The crab claws were just a couple of feet apart, both awkwardly lovely, blues and purples and reds contrasting with the gray day. The blue crab claw held on to a piece of seaweed, the calico crab claw clutched a strand of grass.
The rest of the crabs are likely in a gull’s gullet, if not already vomited out in a crunchy bolus.
Yesterday’s icy chill painted the jetties with ice, only three months after my last swim in the bay back in October.
Someone else has remembered the warmth as well, leaving her artistry scrawled on the beach, the rising tide slowly erasing her work, a girl dressed for the beach. Next to this was another drawing of Batman–even superheroes need a vacation now and again.
A couple of jetties down has the hull of a sunfish sailboat up on the edge of the grass. It washed up after a storm a couple of years ago, and has been banging around since. It once belonged to someone in Ben Oaks, Maryland. I wrote to the village over a year ago, never heard back.
No whales, no seals, just a few sand pipers and gulls, the detritus of the dead, and me, still breathing–that’s more than enough.
In a couple of days we will be leaving the darkest six weeks of the year behind us.
A northwest blow is going to remind us that even though the darkest days are behind us, we still have a cold couple of months staring at us.
Words shrink as the sunlight grows. Imbolc is still weeks away.
A few years ago in late January I watched a crow at the ferry jetty caw caw caw at a gull sharing a light post. The gull did not respond.
The crow swooped down to the pavement, picked up a piece of paper, then returned to its perch near the gull.
The crow carefully ripped up the paper, piece by piece, dropping each piece, one by one, watching each piece until it hit the ground, looking at the gull between pieces as if to say Hey!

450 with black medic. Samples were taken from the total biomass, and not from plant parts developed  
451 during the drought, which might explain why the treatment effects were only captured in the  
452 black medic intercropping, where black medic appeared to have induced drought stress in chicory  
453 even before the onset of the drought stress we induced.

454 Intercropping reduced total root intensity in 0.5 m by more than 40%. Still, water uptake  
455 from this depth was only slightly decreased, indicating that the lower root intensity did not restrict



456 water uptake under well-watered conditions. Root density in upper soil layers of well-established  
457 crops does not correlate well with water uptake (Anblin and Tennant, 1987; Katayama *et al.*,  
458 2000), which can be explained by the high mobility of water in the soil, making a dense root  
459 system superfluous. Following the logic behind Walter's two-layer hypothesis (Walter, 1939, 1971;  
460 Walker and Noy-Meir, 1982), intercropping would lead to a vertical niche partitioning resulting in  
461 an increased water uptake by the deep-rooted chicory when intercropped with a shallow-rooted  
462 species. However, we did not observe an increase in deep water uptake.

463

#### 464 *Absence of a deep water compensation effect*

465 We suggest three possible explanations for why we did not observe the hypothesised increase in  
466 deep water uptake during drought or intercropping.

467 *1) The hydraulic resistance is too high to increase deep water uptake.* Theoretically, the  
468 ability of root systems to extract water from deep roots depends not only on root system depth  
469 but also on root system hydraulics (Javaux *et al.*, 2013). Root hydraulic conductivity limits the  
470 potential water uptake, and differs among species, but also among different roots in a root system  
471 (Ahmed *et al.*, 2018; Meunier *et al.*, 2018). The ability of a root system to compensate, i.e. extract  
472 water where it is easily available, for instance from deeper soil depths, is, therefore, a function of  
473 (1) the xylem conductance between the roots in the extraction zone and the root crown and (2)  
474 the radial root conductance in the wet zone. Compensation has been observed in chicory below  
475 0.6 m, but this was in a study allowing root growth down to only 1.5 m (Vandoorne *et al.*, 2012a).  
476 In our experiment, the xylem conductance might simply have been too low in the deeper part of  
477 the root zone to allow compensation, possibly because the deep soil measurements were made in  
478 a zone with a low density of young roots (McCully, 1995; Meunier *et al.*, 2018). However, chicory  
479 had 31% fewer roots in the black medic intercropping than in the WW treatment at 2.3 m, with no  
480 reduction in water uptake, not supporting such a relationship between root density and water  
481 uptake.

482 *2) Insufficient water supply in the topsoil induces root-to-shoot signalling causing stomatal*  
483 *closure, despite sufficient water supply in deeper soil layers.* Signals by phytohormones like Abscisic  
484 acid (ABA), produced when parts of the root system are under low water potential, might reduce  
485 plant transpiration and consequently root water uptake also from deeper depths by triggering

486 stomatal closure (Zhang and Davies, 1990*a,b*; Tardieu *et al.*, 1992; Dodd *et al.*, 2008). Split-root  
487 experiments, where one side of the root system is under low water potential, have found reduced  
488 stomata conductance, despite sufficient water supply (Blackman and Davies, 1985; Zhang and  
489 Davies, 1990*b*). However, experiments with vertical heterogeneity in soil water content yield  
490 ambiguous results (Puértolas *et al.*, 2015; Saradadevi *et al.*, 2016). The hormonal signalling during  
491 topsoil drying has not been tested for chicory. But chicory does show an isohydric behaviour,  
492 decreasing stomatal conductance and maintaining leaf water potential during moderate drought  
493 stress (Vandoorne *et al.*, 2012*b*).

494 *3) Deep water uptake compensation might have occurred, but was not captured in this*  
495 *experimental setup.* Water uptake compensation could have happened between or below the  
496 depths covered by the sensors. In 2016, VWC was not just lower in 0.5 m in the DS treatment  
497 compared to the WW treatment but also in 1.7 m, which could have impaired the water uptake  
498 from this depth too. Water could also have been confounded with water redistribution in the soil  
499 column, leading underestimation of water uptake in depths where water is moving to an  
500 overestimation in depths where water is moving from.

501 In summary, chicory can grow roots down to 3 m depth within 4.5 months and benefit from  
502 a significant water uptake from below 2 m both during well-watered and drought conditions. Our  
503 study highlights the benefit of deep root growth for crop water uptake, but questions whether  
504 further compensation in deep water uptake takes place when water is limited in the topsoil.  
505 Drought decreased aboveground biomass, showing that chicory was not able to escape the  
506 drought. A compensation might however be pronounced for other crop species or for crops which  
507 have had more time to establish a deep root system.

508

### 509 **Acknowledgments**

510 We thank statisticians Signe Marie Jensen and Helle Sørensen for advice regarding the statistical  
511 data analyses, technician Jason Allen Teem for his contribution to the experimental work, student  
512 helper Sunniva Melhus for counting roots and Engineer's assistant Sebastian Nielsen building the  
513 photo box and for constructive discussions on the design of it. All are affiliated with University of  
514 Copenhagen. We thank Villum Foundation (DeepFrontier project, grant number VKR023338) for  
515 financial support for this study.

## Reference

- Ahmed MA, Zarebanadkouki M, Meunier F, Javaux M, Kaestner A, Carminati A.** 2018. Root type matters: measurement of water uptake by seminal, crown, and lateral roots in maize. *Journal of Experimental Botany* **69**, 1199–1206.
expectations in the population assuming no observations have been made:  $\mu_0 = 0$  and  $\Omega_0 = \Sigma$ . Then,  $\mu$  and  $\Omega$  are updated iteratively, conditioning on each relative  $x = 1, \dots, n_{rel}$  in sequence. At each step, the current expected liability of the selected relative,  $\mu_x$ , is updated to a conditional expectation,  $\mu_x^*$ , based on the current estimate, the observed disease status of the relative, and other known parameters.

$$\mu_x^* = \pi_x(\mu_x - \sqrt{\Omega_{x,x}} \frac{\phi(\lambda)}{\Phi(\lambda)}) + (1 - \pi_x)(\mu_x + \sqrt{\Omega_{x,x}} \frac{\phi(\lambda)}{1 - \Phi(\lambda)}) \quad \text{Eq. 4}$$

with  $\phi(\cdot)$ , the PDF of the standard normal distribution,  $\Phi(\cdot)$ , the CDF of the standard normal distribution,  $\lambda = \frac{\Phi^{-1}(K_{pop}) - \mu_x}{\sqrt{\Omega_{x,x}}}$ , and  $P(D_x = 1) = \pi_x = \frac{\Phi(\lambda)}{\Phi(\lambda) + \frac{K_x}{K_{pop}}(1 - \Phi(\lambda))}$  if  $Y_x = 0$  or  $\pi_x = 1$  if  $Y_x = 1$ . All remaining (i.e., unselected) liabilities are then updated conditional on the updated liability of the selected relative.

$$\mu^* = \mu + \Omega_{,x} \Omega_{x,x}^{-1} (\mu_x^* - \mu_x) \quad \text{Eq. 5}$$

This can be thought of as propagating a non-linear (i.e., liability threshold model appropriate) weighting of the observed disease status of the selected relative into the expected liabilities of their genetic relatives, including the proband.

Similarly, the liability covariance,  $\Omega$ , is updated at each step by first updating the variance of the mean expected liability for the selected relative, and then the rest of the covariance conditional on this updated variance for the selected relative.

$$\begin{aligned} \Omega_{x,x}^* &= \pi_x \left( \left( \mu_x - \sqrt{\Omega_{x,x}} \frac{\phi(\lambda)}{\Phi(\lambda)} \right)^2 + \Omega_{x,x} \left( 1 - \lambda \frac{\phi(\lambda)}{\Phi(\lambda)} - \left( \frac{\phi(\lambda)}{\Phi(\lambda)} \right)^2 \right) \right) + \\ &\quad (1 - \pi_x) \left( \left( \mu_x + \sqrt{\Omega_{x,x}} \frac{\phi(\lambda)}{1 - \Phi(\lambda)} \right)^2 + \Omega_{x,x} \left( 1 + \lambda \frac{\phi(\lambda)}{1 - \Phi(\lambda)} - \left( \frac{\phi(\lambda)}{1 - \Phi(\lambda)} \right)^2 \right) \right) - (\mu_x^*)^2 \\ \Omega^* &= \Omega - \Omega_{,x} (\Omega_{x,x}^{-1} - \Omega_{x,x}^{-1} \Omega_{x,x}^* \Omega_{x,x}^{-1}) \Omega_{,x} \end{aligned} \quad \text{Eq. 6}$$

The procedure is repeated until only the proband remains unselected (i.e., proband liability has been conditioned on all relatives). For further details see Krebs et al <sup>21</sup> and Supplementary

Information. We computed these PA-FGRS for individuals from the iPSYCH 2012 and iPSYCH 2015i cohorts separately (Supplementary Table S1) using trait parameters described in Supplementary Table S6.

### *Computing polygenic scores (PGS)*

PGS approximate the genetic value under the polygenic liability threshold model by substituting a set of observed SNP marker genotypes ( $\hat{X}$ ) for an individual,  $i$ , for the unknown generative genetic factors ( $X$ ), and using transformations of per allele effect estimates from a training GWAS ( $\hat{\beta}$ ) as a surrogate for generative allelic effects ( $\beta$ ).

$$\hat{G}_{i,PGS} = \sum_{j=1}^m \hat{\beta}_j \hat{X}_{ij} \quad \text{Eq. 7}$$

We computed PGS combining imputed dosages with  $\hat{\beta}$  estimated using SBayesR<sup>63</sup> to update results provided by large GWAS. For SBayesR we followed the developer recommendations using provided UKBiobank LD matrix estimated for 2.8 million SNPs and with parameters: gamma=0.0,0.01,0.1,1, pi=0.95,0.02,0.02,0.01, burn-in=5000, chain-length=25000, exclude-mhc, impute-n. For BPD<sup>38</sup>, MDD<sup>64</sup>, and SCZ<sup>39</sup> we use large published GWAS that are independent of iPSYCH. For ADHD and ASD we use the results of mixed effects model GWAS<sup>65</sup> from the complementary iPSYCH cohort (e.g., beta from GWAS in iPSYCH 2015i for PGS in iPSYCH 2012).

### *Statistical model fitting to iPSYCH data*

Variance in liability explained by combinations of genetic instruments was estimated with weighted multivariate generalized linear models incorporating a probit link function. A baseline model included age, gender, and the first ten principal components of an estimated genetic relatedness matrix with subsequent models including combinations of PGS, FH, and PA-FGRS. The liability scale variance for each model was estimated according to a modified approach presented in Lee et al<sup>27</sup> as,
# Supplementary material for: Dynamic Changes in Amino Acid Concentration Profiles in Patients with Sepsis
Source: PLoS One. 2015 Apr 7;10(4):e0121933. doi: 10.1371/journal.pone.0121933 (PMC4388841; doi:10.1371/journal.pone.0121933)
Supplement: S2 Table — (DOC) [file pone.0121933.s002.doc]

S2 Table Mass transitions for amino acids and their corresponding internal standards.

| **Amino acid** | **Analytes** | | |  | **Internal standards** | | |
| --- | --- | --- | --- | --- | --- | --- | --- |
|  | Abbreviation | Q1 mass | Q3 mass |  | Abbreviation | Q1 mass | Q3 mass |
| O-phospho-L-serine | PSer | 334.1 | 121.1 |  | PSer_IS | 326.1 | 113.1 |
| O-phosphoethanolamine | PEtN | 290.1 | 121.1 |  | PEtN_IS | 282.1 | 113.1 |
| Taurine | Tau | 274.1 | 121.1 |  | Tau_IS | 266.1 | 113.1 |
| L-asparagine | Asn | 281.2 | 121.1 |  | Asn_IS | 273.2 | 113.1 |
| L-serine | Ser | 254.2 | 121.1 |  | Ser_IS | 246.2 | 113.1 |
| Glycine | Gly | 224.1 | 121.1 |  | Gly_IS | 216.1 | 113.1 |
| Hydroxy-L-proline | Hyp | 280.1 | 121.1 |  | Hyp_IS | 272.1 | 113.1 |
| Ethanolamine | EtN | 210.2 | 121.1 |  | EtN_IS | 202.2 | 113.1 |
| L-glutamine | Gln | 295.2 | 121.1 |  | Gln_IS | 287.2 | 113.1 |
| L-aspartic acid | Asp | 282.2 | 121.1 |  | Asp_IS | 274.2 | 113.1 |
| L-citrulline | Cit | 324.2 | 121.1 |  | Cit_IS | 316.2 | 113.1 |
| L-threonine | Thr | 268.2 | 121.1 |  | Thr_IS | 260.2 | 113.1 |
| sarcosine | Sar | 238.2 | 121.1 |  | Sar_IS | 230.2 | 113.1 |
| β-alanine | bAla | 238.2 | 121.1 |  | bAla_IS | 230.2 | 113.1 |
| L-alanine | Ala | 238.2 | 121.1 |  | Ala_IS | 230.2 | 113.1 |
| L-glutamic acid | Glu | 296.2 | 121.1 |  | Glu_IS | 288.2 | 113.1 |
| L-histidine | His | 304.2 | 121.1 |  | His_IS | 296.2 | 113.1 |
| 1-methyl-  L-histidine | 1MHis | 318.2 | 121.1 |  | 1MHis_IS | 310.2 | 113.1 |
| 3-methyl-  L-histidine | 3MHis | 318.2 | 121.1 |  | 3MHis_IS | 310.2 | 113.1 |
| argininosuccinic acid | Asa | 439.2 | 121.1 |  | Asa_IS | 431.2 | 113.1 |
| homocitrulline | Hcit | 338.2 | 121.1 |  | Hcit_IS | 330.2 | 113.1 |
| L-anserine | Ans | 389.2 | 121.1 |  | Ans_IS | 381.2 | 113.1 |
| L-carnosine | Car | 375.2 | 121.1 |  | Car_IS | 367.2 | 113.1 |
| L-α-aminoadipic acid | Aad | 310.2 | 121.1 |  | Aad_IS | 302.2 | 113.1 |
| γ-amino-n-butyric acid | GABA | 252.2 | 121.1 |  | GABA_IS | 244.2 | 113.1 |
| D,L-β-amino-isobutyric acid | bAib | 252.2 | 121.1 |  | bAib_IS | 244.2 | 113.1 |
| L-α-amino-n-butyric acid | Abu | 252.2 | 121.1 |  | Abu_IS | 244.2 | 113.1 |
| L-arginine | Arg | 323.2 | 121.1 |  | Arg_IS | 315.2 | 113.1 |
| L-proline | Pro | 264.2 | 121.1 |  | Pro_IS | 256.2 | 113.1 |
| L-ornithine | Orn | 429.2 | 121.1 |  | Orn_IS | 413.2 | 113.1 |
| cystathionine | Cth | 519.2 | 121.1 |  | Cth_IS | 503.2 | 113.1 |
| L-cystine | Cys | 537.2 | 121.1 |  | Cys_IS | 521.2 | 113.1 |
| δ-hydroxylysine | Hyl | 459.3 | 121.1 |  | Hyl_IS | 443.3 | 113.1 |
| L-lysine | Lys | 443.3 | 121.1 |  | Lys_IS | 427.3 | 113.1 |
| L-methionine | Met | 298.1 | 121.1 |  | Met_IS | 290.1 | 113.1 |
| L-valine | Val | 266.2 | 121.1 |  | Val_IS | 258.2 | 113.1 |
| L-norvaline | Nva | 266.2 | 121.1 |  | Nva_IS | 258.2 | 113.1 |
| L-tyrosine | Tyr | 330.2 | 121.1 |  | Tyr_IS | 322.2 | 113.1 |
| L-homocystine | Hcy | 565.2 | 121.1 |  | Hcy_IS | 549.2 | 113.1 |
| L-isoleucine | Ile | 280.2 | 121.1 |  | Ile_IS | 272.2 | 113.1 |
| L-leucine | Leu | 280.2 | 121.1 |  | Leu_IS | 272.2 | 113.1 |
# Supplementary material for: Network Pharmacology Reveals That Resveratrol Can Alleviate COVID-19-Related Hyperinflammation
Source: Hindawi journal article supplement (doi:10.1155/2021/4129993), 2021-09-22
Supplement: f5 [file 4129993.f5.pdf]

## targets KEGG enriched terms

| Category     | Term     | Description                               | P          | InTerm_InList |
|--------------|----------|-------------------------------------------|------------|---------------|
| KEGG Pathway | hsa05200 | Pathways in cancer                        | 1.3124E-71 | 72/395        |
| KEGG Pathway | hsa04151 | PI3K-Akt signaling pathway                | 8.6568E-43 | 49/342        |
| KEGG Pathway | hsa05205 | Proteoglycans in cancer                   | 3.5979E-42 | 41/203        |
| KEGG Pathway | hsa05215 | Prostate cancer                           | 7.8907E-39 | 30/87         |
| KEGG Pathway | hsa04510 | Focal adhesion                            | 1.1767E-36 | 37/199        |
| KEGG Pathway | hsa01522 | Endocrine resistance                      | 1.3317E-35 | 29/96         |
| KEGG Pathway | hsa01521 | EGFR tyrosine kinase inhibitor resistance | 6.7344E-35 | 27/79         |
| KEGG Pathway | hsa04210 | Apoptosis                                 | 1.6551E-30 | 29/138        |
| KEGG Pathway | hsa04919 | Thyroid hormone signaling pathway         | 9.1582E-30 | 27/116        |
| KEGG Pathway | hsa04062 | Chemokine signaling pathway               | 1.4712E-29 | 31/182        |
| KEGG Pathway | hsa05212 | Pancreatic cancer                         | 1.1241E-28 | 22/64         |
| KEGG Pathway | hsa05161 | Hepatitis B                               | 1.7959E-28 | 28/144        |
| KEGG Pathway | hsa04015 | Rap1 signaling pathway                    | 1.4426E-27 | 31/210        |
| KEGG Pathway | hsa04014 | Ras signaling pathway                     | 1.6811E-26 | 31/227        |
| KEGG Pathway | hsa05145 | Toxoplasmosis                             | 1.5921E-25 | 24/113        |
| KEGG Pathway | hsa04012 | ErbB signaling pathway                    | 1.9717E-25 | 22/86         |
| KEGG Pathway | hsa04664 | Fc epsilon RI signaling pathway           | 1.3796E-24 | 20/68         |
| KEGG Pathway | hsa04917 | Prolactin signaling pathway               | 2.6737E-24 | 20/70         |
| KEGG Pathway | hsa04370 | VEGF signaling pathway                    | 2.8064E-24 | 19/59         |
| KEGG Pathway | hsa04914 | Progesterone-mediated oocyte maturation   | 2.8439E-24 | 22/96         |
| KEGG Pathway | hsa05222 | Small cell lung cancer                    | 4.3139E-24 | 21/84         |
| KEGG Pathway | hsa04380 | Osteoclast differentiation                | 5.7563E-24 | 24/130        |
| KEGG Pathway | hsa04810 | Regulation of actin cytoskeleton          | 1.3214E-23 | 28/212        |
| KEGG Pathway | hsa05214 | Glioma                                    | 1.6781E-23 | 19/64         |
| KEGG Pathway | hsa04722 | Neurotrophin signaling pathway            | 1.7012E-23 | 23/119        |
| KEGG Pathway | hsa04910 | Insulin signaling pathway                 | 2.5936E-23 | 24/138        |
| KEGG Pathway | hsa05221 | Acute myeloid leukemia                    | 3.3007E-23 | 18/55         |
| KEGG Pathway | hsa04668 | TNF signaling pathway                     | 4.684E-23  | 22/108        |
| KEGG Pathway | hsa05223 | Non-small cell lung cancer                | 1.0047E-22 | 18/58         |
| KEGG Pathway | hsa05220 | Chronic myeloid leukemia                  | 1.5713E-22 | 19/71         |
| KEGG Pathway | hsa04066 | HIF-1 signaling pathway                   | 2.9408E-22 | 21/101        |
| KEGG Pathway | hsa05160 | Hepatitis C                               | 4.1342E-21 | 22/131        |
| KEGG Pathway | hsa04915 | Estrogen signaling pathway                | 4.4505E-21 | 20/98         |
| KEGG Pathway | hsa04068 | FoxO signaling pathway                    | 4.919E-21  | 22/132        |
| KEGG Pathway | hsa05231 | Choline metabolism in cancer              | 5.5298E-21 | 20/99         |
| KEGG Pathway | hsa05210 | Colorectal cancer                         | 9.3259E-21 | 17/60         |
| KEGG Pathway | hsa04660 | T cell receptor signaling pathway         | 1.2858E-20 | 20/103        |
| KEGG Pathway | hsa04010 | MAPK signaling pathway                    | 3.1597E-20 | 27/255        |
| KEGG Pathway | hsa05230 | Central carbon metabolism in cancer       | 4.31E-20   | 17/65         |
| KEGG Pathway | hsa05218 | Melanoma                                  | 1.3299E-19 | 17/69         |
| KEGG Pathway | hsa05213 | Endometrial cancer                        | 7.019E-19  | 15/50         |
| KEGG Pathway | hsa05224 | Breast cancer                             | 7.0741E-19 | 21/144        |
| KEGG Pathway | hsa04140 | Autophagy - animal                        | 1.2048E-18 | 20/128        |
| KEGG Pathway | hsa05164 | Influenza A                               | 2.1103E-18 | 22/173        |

When done, the crow cawed once more, and this time the gull squawked back. The crow, now seemingly satisfied, nodded, and then flew to a trash can and cawed at a few human folk, one of whom cawed back.
Short of stepping outside, the ferry is our best low-tech weather forecaster. If you can hear their horns clearly, a lovely southern breeze promises a decent day. If you hear nothing at all, beware, a nor’easter may be blowing in soon.
Far more sophisticated, though, is the NOAA buoy weather station that sits right in our neighborhood, just feet away from where the ferries port each night. (Yes, I know, it’s not a buoy.)
Sitting by the water’s edge like an awkward cousin of C-3PO, this station collects real-time data available to all of us, a high-tech center that collects pretty much any type of data you could want (and plenty of data you might never have thought of before).
For most of us, the temperature, wind speed/direction, and water temperature tell us what we need to know on a given day. When a nor’easter rolls in on the heels of a moon tide, you can watch the water level rise in real time as well look at extremes in the past.
(Just under six years ago the water rose three feet over the mean high tide burying North Wildwood. Two years later the bay receded 2 ½ feet befuddling the ferry captains while delighting any clammers braving the January blow. )
As the days get chillier you can watch the rate of ice accretion as the Delaware Bay starts to freeze over.
You can wander to the ferry terminal to see the equipment (but it won’t tell you much) or you can explore the page below available to everyone. Few towns get this kind of information, and it is literally right in our neighborhood.
You walk. Then walk some more, one bare foot in front of the other, sometimes on the beach, sometimes in the water.
You look without focus, more seeing what there is to see, less seeing what you expect to see.
You hear the wind, the murmuring of the bay’s edge, the crunching sand under your feet, the squeaky toy noises of the sandpipers, and the low harrumph of a black-backed gull when you wandered too close.
You feel the sand mold around your feet, the water cutting your legs as you cross from flat to flat, the varying hands of the wind as you scan the gray on gray.
But is the way the bay caresses your nose that you want to remember most. The near metallic hint of salty air carrying particles of life, of death, of the in-between into your nose, less than an inch from your brain, memories of faith in whatever this is is.
But you can’t–trying to hold onto a memory of the air of the wintry beach is like trying to grasp a melancholic memory with your fingers.
You need to walk and walk and walk until you cannot.